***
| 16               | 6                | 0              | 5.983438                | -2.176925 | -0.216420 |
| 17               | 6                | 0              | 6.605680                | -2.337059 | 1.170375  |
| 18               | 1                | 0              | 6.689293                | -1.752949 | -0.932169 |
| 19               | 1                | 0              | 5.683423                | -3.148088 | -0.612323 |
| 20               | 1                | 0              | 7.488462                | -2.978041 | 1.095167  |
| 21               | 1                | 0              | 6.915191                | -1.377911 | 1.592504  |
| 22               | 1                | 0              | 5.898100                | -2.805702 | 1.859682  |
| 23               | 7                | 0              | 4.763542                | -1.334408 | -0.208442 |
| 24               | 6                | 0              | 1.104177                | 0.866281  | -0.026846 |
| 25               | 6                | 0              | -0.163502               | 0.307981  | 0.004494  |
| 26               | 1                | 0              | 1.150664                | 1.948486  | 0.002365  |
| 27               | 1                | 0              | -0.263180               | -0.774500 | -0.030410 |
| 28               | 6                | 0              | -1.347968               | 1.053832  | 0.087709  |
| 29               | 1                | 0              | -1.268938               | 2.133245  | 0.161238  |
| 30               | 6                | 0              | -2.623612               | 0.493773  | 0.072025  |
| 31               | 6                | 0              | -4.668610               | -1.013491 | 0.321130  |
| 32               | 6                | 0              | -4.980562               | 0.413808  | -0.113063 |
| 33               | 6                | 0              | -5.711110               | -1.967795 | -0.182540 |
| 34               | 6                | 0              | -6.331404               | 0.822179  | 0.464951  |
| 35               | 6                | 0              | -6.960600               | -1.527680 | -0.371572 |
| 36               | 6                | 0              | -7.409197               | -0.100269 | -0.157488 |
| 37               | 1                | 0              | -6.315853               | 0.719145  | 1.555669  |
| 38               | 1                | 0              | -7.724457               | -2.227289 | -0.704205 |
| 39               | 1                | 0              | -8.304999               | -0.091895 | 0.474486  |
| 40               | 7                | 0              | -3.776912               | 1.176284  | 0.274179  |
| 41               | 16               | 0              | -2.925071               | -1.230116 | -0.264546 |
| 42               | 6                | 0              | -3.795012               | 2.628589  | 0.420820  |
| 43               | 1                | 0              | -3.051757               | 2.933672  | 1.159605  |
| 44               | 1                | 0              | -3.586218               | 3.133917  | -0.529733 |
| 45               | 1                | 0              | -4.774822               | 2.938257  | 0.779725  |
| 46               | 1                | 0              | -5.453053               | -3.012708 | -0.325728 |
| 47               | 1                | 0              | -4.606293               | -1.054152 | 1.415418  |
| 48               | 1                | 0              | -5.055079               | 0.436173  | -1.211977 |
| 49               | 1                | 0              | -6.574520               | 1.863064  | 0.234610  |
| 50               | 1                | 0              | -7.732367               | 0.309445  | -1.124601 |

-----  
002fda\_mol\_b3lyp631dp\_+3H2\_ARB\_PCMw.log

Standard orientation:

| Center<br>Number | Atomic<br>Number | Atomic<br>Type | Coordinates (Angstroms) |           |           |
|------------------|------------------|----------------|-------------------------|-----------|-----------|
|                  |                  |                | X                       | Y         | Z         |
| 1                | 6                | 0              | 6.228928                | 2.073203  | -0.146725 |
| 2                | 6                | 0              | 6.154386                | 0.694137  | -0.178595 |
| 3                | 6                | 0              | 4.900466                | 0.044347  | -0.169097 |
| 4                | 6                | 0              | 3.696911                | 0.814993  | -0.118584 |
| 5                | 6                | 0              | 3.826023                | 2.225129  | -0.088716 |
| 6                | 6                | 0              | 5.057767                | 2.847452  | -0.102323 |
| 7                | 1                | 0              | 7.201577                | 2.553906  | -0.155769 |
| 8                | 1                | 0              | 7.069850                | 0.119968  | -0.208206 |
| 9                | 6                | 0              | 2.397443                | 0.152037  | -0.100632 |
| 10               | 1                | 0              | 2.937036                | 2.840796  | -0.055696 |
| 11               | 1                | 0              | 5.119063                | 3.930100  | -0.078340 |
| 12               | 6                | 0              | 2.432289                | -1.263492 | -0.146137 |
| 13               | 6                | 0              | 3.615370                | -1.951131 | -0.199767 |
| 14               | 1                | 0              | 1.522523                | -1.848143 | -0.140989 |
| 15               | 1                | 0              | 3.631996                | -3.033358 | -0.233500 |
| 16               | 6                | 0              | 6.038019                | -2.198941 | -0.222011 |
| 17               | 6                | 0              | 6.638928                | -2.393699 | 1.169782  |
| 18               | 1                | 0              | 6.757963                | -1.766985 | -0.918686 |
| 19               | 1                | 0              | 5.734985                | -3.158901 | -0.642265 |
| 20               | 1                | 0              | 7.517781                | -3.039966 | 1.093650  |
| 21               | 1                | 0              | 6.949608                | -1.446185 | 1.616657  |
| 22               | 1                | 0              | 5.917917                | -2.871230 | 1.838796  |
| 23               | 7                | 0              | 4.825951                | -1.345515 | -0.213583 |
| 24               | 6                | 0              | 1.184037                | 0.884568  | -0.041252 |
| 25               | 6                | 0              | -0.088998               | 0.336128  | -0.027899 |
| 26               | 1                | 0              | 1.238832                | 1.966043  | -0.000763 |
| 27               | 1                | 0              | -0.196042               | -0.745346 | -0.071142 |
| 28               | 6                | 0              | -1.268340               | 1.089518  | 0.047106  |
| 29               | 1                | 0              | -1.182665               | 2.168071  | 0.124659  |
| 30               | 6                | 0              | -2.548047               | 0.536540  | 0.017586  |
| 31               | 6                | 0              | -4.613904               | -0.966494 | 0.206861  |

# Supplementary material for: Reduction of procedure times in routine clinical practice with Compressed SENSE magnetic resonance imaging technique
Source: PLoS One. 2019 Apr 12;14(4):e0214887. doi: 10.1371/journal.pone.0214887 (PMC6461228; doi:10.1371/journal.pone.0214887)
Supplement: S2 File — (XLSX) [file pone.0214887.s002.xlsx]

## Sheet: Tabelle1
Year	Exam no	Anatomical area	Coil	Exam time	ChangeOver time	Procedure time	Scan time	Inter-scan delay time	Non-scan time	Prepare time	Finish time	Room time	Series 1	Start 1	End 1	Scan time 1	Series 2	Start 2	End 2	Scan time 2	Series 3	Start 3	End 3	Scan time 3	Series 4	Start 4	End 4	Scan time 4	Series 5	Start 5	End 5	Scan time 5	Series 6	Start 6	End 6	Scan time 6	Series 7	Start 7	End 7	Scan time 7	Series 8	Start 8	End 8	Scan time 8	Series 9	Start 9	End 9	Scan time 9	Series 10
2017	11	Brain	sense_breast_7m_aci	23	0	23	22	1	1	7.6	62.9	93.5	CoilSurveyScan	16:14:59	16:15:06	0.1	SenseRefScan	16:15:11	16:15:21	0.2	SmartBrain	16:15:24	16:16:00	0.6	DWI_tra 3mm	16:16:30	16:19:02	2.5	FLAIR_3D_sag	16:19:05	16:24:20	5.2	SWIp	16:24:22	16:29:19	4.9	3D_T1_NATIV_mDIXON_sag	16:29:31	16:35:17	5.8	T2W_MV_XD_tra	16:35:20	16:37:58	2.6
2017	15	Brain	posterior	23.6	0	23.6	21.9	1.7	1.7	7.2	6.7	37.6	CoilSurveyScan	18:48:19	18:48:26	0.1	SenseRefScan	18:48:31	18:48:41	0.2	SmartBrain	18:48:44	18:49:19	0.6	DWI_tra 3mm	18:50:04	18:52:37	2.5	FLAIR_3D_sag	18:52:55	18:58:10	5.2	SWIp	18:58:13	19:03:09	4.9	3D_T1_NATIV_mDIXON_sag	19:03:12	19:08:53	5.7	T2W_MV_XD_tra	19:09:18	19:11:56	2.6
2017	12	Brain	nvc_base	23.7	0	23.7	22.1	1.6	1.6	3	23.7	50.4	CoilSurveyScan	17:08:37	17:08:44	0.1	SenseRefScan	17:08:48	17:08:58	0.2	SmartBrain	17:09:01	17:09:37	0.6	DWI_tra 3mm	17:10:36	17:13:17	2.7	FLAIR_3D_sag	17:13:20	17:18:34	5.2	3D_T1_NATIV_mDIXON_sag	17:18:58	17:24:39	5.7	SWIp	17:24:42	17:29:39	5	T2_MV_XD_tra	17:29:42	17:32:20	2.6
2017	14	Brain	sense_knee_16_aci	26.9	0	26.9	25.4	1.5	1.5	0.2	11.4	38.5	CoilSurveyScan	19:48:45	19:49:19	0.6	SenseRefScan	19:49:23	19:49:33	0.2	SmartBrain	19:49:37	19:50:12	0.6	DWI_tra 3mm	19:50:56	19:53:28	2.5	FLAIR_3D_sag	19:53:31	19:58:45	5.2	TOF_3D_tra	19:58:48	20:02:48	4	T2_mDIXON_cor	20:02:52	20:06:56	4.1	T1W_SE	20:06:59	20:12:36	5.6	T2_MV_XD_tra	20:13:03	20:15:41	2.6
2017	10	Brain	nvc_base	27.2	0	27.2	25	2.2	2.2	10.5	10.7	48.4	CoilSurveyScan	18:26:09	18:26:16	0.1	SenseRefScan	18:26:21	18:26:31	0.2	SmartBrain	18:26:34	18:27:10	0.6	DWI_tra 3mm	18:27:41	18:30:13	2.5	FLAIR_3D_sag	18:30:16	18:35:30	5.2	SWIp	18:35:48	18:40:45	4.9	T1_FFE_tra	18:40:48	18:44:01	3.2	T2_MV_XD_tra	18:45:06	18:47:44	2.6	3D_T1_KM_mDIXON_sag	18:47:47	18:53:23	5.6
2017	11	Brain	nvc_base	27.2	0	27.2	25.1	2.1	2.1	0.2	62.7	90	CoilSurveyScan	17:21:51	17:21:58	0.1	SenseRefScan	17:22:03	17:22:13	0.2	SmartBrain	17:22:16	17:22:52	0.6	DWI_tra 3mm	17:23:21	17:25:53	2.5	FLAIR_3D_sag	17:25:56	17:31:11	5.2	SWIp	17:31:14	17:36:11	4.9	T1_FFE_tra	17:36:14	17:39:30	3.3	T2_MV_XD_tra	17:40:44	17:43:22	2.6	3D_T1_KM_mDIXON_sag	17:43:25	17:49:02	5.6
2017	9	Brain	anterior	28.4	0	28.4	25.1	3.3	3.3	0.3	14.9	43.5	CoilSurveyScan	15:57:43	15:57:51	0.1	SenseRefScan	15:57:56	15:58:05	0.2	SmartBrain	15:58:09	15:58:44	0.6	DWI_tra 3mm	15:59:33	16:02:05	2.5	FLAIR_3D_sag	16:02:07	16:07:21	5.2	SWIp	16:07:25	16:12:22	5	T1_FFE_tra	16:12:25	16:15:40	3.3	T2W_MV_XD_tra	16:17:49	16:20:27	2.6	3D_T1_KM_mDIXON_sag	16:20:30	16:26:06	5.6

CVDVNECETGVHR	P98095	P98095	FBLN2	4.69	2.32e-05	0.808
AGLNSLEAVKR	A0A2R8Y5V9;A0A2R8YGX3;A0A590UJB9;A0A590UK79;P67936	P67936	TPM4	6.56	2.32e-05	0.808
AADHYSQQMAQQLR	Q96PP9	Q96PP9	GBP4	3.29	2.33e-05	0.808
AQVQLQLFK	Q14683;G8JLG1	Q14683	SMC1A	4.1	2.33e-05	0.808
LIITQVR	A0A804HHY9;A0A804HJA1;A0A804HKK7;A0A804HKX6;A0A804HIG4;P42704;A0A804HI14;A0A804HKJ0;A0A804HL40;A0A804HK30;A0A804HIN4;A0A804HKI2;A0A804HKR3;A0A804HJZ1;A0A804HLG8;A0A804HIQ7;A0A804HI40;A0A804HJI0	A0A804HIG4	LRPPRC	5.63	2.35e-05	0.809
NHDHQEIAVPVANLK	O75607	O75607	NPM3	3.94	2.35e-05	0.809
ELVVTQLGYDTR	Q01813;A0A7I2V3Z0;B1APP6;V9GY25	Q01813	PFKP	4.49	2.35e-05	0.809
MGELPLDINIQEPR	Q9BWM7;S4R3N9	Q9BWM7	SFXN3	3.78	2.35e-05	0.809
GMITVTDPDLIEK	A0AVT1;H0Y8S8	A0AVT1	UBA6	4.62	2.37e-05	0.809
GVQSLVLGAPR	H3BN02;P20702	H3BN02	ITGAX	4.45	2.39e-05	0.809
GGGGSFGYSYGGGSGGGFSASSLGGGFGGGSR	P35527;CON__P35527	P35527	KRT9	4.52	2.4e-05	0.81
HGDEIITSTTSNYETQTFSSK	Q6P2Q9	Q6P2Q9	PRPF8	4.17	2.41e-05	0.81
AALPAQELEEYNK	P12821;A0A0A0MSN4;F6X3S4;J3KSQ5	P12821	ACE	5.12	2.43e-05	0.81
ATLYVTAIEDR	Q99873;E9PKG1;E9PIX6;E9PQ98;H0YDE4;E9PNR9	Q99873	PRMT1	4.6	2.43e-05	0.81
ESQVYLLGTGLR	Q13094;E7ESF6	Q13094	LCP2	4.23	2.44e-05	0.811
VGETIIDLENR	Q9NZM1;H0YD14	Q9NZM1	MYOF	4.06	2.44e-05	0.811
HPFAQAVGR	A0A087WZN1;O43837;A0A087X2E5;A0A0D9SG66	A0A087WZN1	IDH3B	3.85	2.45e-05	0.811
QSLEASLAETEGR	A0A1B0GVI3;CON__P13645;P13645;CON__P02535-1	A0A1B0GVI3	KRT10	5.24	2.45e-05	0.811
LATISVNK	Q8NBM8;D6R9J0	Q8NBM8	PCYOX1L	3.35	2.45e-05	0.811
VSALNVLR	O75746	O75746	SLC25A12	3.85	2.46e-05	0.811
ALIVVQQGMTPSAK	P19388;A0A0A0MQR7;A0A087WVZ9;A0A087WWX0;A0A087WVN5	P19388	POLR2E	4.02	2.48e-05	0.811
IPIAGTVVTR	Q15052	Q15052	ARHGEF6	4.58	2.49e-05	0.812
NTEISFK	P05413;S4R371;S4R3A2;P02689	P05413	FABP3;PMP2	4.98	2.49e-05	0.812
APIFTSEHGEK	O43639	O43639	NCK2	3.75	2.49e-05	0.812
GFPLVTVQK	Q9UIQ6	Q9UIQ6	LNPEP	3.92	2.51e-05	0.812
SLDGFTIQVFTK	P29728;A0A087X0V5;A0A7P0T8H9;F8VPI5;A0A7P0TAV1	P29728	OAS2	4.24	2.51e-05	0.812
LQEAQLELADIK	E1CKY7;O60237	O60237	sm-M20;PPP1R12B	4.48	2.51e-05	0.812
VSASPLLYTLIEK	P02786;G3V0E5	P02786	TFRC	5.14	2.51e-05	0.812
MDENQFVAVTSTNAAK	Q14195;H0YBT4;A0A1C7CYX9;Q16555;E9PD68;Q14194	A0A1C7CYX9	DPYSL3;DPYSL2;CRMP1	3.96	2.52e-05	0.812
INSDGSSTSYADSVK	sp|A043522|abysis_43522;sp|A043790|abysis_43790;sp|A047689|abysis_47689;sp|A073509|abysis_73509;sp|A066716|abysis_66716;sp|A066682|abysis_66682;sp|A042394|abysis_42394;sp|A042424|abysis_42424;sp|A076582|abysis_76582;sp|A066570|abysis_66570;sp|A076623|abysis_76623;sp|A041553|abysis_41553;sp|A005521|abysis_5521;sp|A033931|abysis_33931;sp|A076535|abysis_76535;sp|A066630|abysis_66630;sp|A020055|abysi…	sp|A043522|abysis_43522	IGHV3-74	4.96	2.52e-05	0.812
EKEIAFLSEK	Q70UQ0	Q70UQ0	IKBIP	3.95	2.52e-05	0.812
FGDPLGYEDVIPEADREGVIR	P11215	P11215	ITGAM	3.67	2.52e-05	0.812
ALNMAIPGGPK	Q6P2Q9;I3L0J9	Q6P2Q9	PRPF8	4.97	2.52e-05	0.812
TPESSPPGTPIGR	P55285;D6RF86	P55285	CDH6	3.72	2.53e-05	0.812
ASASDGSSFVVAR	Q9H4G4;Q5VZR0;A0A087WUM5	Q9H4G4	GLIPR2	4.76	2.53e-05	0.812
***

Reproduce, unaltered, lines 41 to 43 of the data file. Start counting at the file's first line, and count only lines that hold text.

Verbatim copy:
|                  |                  |                | X                       | Y         | Z         |
| 1                | 6                | 0              | 6.228928                | 2.073203  | -0.146725 |
| 2                | 6                | 0              | 6.154386                | 0.694137  | -0.178595 |